Hyperdocs are digital documents like a Google Doc where all aspects of learning are pulled together in one place. Within the document students are provided with hyperlinks of all aspects of the inquiry unit: videos, slideshows, images, and activities to complete the unit of student and gain understanding. Students have multi-modal opportunities for learning and there is less teacher lecturing at the front of the class.
Jennifer Gonzalez, blogger and editor in chief of Cult of Pedagogy describes hyperdocs being synonymous with Playlists. Gonzalez writes, “With playlists, the responsibility for executing the learning plan shifts: Students are given the unit plan, including access to all the lessons (in text or video form), ahead of time. With the learning plan in hand, students work through the lessons and assignments at their own pace. And because each student has her own digital copy of the playlist (delivered through a system like Google Classroom), the teacher can customize the list to meet each student’s needs” (2016).
Depending on the hyperdoc the teacher makes, differentiated activities and technology rich assignments can help student learn and show their understanding throughout. Hyperdocs allow students to work at their own pace and the hyperdoc offers a “roadmap” for student learning. When teachers design Hyperdocs they are “using technology to create, adapt, and personalized learning experience that foster independent learning and accommodate learner differences to maximize active, deep learning” (ISTE Standards for Educators 5a-b).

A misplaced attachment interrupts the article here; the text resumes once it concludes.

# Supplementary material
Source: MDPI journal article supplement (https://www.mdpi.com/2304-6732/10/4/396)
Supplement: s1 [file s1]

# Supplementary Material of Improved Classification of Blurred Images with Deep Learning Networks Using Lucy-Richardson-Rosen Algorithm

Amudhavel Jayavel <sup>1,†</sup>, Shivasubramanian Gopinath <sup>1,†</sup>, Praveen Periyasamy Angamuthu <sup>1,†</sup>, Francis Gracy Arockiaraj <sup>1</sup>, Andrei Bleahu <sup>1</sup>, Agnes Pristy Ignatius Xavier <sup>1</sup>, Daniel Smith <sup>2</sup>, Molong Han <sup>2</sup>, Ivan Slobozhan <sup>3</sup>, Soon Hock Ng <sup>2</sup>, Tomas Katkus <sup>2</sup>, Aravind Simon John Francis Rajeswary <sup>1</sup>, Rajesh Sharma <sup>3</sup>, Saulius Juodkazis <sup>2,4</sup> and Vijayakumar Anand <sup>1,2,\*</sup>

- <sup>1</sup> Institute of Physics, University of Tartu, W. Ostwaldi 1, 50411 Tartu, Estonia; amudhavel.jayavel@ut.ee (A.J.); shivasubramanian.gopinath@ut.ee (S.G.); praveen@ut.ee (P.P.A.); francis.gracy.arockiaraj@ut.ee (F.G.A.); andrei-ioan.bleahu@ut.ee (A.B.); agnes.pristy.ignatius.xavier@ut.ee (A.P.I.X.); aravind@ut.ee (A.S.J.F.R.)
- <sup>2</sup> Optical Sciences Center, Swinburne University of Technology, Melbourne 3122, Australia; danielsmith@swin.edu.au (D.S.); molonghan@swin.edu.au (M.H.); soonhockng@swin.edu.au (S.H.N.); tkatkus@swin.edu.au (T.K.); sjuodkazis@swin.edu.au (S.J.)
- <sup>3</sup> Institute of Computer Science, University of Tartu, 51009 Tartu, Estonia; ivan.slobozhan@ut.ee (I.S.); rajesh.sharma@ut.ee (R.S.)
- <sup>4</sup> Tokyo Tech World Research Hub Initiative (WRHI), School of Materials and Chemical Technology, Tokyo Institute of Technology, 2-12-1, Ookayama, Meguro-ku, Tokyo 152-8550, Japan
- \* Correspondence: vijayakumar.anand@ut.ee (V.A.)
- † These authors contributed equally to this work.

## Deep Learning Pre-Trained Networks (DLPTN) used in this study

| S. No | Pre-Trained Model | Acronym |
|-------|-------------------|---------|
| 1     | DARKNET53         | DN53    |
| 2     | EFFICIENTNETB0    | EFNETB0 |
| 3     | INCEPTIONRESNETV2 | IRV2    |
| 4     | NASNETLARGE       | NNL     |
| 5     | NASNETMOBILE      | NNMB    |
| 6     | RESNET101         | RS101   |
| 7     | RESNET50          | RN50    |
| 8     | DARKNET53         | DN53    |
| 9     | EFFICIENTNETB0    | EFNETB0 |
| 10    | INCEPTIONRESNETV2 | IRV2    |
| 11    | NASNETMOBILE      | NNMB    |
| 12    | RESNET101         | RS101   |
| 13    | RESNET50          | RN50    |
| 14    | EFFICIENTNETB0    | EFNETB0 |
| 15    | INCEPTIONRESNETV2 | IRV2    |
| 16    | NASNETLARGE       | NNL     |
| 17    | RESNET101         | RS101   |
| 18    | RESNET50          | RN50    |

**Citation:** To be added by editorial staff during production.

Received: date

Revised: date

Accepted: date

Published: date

Below is a Hyperdoc I recently created for a Holocaust and WWII book club unit. The Hyperdoc includes individual student assignments and collaborative activities for students to discuss their reading with their peers. For this unit, students select one of titles to read in book club and meet in their book club groups three or more times over the course of the unit, taking ownership of this reading inquiry. Students meet for book club twice a week for about 20 minutes per class. These book clubs are opportunities for student centered and student driven learning.